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Wednesday, October 26, 2011

The Emergency Alert System Nationwide Test Everything You Need To Know Is Right Here

The Emergency Alert System Nationwide Test

Everything You Need To Know Is Right Here W/UPDATE

By Dell Hill

There is much discussion these days - most especially in the social media; Facebook, Twitter, etc. - concerning a planned test of the Emergency Alert System, scheduled for 2:00 PM (Eastern Standard Time) on November 9, 2011.  

The EAS is basically the old Emergency Broadcast System that we’ve heard broadcast once each month on radio and TV for decades.  A tone alert would sound and then a local announcer (including me) would say “This is a test.  For the next 60 seconds this station will conduct a test of the Emergency Broadcast System.  This is only a test.”  There would be a few seconds of “dead air” and then a couple more alert tones, and then the announcer would say “This has been a test of the Emergency Broadcast System.  If this had been an actual emergency, you would have been instructed where to tune for emergency information.  This concludes this test of the Emergency Broadcast System”.  (Most all of us who worked in radio or TV have that message memorized!).

The FCC (Federal Communications Commission) has a web page specifically devoted to the EAS (Emergency Alert System) test, and you can read it for your self by clicking on this link.  With a tremendous amount of traffic from mostly worried citizens, the site may be slow in loading.

As a public service, I’ve retrieved the key questions and answers from that site and they are posted here.  This pretty much the who, what, when, where and how of the planned November 9th EAS test.  

“At the Federal Communications Commission's June 9, 2011 Agenda meeting, Public Safety and Homeland Security Bureau Chief Jamie Barnett, joined by representatives from FEMA and the National Weather Service, announced that the first nationwide test of the Emergency Alert System (EAS) would take place at 2:00 PM (Eastern Standard Time) on November 9, 2011. The purpose of the test is to assess the reliability and effectiveness of the EAS as a public alert mechanism. EAS Participants currently participate in state-level monthly tests and local-level weekly tests, but no top-down review of the entire system has ever been undertaken. The Commission, along with the Federal Emergency Management Agency, will use the results of this nationwide test to assess the reliability and effectiveness of the EAS as a public alert mechanism, and will work together with EAS stakeholders to make improvements to the system as appropriate.”

What is the EAS?
   Main Article: Emergency Alert System (EAS)
The Emergency Alert System (EAS) is a media communications-based alerting system that is designed to transmit emergency alerts and warnings to the American public at the national, state and local levels. The EAS has been in existence since 1994, and its precursor, the Emergency Broadcast System (EBS), began in 1963.  Television and radio broadcasters, satellite radio and satellite television providers, as well as cable television and wireline video providers all participate in the system (collectively, EAS Participants).  EAS Participants broadcast thousands of alerts and warnings to the American public each year regarding weather threats, child abductions, and many other types of emergencies.  As such, the EAS will continue to function as one key component of a national alert and warning system that will provide alerts over multiple communications platforms, including mobile communications devices.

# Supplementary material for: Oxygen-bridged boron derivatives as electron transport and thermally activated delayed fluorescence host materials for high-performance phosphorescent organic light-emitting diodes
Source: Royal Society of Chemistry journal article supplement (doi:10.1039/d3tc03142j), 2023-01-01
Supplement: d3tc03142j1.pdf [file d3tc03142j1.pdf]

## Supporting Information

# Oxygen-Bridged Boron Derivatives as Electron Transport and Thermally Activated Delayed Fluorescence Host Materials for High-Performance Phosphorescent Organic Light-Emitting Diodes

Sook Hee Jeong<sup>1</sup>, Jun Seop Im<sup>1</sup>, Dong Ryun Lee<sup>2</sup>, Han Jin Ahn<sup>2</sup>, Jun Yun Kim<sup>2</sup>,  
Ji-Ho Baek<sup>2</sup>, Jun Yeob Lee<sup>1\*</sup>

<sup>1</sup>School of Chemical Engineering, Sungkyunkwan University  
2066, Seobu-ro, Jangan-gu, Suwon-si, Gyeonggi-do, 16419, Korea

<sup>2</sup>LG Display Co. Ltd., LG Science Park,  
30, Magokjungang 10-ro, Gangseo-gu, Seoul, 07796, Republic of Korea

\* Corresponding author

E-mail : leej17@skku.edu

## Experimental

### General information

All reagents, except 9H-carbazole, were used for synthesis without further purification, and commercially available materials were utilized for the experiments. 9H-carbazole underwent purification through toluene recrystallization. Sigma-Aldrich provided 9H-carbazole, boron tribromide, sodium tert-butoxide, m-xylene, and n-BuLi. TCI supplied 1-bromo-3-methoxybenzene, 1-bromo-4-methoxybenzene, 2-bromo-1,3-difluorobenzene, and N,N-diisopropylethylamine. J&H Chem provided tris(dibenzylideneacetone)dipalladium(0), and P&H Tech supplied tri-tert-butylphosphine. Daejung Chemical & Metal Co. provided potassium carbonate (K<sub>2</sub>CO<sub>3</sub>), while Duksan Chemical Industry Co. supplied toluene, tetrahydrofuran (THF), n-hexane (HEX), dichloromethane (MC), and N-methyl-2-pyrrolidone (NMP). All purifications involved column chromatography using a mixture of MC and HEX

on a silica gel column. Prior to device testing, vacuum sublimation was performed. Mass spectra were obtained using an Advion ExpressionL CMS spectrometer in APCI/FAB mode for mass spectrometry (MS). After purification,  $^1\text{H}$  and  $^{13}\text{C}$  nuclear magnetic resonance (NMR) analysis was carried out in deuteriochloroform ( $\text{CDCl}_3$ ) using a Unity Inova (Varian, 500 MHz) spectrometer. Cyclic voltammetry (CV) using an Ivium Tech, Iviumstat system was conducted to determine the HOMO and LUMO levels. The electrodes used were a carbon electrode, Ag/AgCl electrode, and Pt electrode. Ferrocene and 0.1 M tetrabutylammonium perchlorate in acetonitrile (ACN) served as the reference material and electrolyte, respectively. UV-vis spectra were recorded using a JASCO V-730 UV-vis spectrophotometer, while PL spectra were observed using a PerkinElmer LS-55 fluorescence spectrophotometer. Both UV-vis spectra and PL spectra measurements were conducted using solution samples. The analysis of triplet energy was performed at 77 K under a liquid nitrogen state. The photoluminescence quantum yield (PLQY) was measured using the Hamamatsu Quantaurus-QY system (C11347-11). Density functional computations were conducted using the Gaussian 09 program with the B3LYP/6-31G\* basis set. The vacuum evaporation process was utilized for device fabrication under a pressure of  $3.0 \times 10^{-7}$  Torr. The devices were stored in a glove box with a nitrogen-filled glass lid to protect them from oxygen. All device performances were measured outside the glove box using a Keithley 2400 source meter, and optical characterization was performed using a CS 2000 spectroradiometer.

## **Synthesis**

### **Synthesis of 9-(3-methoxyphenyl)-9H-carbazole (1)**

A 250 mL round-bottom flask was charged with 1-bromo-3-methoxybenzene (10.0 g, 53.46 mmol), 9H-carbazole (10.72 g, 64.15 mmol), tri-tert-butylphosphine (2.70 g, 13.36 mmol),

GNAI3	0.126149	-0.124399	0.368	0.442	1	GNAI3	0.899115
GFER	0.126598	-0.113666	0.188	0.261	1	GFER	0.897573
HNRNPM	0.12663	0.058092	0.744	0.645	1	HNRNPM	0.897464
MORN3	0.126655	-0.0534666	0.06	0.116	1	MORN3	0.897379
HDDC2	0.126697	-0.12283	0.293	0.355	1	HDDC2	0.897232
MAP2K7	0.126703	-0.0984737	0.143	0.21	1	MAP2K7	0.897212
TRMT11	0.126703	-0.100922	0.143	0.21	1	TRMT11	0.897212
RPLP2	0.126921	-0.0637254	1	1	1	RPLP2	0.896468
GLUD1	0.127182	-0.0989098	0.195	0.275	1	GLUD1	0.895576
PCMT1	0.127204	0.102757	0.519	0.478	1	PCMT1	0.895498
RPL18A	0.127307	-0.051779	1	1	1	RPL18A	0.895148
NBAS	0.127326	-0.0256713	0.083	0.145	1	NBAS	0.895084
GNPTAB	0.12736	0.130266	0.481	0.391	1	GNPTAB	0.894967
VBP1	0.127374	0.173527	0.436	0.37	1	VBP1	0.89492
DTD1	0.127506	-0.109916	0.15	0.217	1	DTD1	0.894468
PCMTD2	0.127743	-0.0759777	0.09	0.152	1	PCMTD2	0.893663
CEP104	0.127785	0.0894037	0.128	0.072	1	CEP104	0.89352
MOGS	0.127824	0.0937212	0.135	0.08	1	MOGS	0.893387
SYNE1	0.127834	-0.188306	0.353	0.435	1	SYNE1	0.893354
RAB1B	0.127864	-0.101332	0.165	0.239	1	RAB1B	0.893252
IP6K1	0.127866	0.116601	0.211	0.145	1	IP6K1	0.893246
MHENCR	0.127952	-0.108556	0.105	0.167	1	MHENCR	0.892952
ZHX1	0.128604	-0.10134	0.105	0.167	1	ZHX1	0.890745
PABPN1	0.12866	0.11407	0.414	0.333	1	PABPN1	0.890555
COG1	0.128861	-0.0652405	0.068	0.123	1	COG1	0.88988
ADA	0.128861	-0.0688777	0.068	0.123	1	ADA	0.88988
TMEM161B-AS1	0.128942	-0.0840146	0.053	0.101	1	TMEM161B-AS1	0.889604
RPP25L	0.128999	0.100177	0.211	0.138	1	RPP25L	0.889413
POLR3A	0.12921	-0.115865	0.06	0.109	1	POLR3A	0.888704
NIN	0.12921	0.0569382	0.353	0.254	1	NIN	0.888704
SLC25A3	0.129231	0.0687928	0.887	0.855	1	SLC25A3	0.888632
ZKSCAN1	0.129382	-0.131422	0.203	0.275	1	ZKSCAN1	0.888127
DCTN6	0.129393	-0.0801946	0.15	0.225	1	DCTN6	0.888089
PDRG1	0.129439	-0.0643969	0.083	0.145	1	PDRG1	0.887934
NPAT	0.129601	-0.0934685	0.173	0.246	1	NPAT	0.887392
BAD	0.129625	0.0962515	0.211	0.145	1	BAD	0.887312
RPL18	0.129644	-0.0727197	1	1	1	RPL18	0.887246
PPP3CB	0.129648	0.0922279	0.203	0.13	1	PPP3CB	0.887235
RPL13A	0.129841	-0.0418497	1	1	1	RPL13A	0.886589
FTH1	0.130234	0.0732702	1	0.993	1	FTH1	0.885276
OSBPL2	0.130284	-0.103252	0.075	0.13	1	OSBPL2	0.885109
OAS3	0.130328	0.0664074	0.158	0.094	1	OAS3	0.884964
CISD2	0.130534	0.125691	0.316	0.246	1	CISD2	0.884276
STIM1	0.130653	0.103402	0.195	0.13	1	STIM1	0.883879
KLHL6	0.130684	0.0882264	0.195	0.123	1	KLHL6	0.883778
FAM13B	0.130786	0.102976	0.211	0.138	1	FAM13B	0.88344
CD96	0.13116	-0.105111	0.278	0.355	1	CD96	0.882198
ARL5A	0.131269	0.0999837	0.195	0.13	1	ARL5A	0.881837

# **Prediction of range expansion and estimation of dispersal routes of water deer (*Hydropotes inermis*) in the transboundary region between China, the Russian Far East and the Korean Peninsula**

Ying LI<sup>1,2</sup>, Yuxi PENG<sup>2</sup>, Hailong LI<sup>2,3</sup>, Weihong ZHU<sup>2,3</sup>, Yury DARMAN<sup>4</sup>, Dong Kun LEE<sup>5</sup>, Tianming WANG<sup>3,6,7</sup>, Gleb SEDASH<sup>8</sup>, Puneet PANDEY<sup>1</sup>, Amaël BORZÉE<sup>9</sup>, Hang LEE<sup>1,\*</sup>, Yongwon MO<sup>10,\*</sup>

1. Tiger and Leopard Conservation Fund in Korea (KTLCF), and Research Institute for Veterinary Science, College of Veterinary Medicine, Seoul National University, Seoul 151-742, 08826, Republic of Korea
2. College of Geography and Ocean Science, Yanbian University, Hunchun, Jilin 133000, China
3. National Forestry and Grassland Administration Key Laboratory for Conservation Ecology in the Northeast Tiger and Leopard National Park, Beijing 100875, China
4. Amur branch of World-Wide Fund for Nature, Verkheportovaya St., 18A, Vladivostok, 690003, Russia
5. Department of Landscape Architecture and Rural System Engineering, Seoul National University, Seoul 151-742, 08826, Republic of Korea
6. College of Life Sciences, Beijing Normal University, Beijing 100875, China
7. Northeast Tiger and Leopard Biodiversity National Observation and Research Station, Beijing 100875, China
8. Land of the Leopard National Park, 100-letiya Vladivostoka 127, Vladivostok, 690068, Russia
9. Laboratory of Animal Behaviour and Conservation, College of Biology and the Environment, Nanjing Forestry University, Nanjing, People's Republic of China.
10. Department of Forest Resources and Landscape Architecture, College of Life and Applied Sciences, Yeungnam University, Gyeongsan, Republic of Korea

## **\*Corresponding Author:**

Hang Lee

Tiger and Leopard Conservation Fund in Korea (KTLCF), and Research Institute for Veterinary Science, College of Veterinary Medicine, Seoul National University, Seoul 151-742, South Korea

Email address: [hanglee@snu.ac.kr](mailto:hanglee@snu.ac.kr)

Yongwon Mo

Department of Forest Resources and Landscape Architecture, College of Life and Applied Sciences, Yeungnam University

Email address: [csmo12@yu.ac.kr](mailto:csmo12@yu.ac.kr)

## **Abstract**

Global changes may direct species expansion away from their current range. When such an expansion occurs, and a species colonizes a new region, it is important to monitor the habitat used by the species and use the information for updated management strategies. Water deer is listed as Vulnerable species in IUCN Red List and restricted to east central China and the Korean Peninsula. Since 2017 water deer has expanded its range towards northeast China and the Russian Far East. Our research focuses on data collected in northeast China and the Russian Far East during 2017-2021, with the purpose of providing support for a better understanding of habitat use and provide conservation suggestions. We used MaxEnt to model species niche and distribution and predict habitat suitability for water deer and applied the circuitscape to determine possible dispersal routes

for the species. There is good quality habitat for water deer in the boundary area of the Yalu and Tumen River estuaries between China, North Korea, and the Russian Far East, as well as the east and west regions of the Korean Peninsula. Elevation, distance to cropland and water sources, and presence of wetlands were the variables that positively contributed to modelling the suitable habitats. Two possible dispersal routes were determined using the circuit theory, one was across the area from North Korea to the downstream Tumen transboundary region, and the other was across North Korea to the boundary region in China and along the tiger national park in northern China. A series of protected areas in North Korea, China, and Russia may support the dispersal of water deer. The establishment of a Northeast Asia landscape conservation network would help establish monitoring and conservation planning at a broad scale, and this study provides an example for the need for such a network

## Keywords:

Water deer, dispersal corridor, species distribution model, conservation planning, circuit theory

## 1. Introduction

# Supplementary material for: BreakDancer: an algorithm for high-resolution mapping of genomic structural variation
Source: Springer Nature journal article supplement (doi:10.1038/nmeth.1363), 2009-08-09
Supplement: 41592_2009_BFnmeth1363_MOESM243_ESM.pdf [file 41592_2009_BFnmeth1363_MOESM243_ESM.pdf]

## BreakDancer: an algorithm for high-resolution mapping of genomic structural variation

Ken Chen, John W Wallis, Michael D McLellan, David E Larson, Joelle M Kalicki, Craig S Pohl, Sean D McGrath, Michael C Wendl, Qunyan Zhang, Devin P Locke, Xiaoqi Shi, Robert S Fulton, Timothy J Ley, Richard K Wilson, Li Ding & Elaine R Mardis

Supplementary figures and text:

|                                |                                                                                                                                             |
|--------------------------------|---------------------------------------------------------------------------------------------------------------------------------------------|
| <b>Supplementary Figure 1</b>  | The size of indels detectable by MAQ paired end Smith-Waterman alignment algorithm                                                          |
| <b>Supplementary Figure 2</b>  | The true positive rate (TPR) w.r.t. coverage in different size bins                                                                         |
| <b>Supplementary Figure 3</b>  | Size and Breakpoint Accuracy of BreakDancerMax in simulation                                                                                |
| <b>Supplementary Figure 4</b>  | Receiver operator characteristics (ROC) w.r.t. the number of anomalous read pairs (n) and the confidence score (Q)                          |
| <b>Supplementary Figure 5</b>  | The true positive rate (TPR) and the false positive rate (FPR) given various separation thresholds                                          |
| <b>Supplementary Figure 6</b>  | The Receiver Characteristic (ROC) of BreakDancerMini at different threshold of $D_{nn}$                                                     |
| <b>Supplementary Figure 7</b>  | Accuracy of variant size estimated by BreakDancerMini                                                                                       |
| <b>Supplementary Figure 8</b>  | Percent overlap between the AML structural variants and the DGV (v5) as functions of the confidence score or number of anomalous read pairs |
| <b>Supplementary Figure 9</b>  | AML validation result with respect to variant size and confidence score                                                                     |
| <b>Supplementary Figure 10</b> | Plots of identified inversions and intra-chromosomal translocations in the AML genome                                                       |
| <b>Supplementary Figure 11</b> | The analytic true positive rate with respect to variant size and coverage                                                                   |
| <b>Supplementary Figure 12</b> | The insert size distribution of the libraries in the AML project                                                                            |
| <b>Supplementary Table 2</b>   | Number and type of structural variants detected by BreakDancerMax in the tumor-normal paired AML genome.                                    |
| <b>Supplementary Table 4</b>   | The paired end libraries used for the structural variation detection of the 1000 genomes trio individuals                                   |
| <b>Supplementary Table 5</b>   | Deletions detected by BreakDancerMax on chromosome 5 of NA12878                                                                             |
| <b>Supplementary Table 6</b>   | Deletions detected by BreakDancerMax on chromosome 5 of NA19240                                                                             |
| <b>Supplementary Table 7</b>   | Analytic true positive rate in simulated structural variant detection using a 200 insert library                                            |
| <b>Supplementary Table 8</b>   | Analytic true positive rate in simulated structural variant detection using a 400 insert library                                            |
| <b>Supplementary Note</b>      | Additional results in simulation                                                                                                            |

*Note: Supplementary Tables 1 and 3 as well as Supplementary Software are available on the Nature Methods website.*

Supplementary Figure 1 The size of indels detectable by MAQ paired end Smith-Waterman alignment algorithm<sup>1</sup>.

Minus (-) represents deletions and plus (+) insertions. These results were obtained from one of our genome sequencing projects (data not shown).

How does the EAS work?
An EAS alert is based on an audio protocol defined in the FCC’s rules. In the EAS, an alert originator at the local, state, or national level inputs an EAS alert into the system using specific encoding equipment.  Specially designated stations then broadcast this alert to the public in their listening areas.  Other EAS Participants (television and other radio broadcasters, cable and wireline video service providers, radio and television satellite service providers, and others) monitor the specially-designated stations for EAS alerts.  When these other EAS Participants receive the EAS alert, they, in turn, broadcast it to the public in their listening areas.  This group of EAS Participants may be monitored by other EAS Participants too far away to receive the EAS message from the first group of transmitting broadcasters.  This next group of EAS Participants, in turn, broadcasts the alert to the public in the vicinity of their stations, as well as to any other stations that may be monitoring them.

Why do we need a nationwide test of the EAS?
Pursuant to the FCC’s rules, local and state components of the EAS are tested on a weekly and monthly basis, respectively.  Although the EAS has been in existence for over 15 years, there has never been an end-to-end, nationwide test of the system, and we need to know that the system will work as intended should public safety officials ever need to send  an alert or warning to a large region of the United States.  Only a top-down, simultaneous test of all components of the EAS can provide an appropriate diagnosis of system-wide performance.